In the present paper the prevalence of MS in OSAS patients was 56% according to the NCEP-ATP III definition and 69% according to the IDF definition of 2005.

Lam et al. [11] used the NCEP-ATP III definition of 2005 and they diagnosed MS in 58% of patients with OSAS. Sasanabe et al. [12] noted the presence of metabolic syndrome in 50% of 819 examined OSAS patients. While Kono et al. [24] diagnosed MS (the NCEP-ATP III definition of 2005) in just 19% of patients with OSAS.

Peled et al. also noted a smaller prevalence of MS than in the present paper. Using the NCEP-ATP III definition of 2001, they discovered MS in 30% of examined severe OSAS patients [13]. However, Coughlin et al. [9] discovered MS (the NCEP-ATP III definition of 2001) in 87% of examined severe OSAS patients.

A higher prevalence of MS (the IDF definition of 2005) in OSAS patients than in the present paper was given by Tkacova et al. [15]: MS was diagnosed in 77% of patients with AHI > 30. Similar results based on the same definition were obtained by Gruber et al. [8] (74% of the study subjects were diagnosed with MS). Available literature does not provide thus far any comparison of the two definitions of MS (NCEP and IDF) in OSAS patients or assessment of their clinical usefulness.

These differences seem to be significant in population studies, and typically different prevalences of MS are obtained, depending on the applied definition. In the NHANES research [25] conducted in the USA between 1992 and 2002 on a group of 3601 people, the occurrence of MS was noted in 34.5% of the studied population (the NCEP-ATP III definition) in comparison to 39% (the IDF definition). In the Greek population [26] the presence of MS was diagnosed in 24.5% of the 9669 adults, according to the NCEP-ATP III definition in comparison to 43.4% when the IDF definition was applied. Mancia et al. [27] stated that the IDF definition is more sensitive than the NCEP-ATP III definition while diagnosing metabolic syndrome, which allows the early introduction of appropriate measures.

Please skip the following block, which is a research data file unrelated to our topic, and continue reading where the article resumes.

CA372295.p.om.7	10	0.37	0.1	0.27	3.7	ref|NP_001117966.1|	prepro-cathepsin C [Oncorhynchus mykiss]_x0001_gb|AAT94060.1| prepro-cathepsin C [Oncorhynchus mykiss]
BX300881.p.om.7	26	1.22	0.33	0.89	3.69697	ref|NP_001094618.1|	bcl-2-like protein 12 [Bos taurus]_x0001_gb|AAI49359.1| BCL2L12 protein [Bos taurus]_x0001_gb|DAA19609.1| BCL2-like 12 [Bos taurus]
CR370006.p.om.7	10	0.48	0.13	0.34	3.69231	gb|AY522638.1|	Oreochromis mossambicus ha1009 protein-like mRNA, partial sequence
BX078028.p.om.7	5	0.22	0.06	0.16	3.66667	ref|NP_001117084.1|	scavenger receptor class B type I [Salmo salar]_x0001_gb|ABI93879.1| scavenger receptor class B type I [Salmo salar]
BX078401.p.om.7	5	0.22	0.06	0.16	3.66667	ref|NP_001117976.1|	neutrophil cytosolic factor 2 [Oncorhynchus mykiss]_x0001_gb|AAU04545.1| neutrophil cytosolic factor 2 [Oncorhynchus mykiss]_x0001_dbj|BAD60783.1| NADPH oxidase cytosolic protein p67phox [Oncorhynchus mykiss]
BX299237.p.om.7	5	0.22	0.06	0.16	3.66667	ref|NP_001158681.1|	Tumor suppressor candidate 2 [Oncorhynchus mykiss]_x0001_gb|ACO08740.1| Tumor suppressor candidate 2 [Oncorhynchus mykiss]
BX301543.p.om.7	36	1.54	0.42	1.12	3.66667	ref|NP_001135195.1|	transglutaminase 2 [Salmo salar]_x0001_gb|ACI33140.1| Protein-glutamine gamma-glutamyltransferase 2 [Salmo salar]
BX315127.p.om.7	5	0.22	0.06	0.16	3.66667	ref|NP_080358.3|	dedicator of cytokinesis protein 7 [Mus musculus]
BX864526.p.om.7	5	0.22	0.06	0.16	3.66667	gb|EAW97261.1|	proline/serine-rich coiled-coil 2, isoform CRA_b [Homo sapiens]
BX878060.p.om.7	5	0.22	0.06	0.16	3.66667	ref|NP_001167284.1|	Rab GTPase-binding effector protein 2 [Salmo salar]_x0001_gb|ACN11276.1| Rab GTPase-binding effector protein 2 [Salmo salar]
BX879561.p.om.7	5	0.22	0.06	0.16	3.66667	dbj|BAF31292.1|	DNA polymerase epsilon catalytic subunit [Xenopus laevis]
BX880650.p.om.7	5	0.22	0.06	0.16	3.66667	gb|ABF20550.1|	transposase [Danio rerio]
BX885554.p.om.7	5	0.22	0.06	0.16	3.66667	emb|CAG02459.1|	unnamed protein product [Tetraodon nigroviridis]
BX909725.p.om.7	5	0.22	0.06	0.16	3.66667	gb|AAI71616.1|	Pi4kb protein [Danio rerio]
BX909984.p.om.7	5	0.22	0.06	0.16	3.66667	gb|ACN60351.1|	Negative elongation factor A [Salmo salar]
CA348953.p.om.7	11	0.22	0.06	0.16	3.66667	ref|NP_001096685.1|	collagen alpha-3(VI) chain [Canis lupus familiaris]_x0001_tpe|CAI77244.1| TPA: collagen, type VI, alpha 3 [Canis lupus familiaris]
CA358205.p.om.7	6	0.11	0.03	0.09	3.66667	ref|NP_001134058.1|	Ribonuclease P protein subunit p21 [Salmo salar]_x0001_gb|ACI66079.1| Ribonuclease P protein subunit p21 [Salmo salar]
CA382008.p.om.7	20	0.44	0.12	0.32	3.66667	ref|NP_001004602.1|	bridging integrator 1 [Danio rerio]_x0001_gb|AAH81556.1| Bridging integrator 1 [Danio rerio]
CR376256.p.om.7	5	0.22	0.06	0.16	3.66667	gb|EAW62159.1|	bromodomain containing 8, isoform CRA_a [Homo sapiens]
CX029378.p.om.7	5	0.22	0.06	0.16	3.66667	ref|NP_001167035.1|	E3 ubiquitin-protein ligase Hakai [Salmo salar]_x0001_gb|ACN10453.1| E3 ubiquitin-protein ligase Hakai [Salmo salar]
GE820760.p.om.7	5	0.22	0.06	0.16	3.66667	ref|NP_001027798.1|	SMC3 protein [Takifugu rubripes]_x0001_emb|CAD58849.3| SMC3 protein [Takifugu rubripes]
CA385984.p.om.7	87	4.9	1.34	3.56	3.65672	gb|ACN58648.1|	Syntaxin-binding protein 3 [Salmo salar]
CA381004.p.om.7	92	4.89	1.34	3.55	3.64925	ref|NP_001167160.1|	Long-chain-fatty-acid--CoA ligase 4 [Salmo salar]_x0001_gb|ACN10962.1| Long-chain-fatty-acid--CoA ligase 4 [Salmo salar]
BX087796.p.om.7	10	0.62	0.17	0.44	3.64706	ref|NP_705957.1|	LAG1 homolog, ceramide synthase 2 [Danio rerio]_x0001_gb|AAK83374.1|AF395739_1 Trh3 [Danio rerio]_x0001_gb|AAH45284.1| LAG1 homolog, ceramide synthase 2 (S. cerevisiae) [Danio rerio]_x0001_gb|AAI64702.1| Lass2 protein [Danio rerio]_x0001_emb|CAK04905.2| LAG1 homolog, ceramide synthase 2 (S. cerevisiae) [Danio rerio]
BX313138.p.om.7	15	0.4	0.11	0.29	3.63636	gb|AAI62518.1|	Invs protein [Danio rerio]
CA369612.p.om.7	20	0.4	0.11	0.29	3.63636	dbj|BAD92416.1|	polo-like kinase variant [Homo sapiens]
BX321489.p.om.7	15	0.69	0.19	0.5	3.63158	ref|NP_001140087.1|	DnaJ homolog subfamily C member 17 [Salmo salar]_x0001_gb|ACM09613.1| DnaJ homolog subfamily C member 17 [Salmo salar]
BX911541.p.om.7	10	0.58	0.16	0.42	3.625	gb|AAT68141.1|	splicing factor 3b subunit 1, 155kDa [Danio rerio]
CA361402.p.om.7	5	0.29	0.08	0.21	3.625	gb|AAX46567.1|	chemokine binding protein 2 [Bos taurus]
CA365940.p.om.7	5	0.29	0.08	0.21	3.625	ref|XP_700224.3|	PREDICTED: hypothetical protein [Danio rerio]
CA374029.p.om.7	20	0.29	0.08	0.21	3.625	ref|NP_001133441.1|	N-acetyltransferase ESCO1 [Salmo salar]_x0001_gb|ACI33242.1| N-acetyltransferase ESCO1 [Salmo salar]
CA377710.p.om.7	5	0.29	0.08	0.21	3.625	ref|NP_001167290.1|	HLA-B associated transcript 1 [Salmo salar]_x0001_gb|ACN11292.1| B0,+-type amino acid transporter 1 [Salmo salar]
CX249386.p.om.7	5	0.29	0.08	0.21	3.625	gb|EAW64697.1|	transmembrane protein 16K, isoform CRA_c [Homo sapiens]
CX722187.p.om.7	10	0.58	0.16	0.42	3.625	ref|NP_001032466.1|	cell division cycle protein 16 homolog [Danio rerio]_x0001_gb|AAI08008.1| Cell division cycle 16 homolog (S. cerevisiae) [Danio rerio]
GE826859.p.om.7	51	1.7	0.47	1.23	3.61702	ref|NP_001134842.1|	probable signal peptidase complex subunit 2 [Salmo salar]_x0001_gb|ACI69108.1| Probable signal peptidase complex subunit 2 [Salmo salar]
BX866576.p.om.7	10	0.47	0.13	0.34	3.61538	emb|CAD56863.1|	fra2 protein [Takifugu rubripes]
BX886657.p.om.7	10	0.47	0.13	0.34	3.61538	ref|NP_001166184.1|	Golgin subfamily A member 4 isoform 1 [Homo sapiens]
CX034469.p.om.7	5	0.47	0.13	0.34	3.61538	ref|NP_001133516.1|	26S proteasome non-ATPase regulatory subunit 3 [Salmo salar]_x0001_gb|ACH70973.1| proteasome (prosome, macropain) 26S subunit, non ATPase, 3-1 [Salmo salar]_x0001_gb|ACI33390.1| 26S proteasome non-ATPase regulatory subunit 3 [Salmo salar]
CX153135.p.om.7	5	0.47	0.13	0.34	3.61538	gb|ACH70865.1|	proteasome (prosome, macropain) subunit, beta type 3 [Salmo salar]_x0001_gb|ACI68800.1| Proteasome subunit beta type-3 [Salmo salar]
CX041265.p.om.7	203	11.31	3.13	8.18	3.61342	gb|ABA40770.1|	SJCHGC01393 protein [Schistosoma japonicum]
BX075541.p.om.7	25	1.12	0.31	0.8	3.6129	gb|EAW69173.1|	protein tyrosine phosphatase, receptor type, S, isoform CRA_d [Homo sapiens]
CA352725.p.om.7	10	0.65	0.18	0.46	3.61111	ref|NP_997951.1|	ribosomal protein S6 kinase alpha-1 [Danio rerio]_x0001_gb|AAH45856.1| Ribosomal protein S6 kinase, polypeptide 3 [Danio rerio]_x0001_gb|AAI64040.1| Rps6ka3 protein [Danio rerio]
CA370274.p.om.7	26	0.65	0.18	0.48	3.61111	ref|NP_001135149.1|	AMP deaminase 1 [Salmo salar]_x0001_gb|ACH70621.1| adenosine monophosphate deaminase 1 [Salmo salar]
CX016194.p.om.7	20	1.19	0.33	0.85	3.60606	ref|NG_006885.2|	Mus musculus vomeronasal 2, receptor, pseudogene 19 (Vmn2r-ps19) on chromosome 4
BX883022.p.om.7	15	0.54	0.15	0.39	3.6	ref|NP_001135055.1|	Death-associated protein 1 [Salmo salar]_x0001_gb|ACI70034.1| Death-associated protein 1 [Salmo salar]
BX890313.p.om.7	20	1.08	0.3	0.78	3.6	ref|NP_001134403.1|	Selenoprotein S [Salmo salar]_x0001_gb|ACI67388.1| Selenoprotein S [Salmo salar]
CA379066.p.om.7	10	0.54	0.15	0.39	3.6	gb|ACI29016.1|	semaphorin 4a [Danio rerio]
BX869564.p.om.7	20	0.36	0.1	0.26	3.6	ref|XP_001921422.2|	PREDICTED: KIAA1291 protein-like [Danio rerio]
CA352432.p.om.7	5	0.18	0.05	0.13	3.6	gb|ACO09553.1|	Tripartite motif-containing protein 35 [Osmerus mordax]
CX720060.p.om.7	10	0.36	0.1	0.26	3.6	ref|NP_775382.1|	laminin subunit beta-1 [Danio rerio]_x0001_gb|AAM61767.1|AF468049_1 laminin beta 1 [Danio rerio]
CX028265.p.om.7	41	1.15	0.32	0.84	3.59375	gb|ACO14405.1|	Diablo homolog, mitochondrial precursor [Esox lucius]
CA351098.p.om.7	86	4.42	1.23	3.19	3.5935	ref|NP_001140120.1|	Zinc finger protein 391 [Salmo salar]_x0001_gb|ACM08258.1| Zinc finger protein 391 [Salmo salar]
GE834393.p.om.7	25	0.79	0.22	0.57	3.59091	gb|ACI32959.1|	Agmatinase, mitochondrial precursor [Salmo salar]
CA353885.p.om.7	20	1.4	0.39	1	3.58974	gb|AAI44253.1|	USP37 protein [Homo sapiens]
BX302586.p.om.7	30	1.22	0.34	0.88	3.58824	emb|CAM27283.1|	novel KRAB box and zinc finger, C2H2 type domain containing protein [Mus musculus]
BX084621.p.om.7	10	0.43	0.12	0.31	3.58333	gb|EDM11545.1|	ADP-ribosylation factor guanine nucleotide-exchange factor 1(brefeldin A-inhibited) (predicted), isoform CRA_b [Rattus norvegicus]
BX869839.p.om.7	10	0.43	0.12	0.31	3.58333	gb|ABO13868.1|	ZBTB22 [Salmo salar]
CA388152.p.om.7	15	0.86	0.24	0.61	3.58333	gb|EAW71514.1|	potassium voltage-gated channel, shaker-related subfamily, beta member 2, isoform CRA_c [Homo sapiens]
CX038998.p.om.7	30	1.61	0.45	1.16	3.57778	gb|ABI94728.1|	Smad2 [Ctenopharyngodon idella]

We did not observe significant dependence of the occurrence of MS on the degree of severity of OSAS; only weak correlations between AHI and MS occurred. Diagnosis of MS1 correlated significantly but also weakly with min SaO2 and mean SaO2; in the case of MS2 a characteristic dependence on ESS was discovered.

Parts of the mentioned reports confirm the relation between OSAS and MS. In the study conducted by Peled et al. [13] the prevalence of MS was increasing together with severity of OSAS; moreover, a significant dependence of MS and AHI and min SaO2 was noted. In the research conducted by Sasanabe et al. [12] a correlation between the degree of OSAS severity and prevalence of MS was discovered (the Japanese definition). In the study carried out by Gruber et al. [8] OSAS was connected independently with the presence of metabolic syndrome, and the prevalence of MS (IDF 2005) was 5.9 times greater in the group of OSAS patients than it was in the control group. Kono et al. [24] discovered a significant relation between the occurrence of MS and AHI but not with min SaO2. In the study conducted by Grandi et al. [28] there was no significant difference in occurrence of MS (the NCEP-ATP III definition of 2005) in mild, moderate or severe forms of OSAS, and the prevalence of MS amounted to 68.7%, 72.2% and 68.4%, respectively. In the recently published study by Bonsignore et al. [29] significant correlations of MS (the IDF definition of 2009) and AHI were observed, but when multiple factor analysis was used a significant dependence on AHI was noted only for arterial hypertension.

To sum up, it seems that defining metabolic syndrome in OSAS patients with the use of the IDF definition is justified by the greater sensitivity of this method, which enables more frequent diagnosis of MS in this group of patients. The relation between OSAS and MS remains unexplained and needs further thorough studies.


Conflict of interest

The Authors declare no conflict of interest.


Address for correspondence: Marta Kumor, MD, Department and Clinic of Internal Diseases, Pneumonology and Allergology, ul. Banacha 1a, 02–097 Warszawa, tel. +48 22 599 15 70, fax: +48 22 599 15 60, +48 22 599 15 61, e-mail: marta_kumor@vp.pl.

Praca wpłynęła do Redakcji: 15.03.2012 r.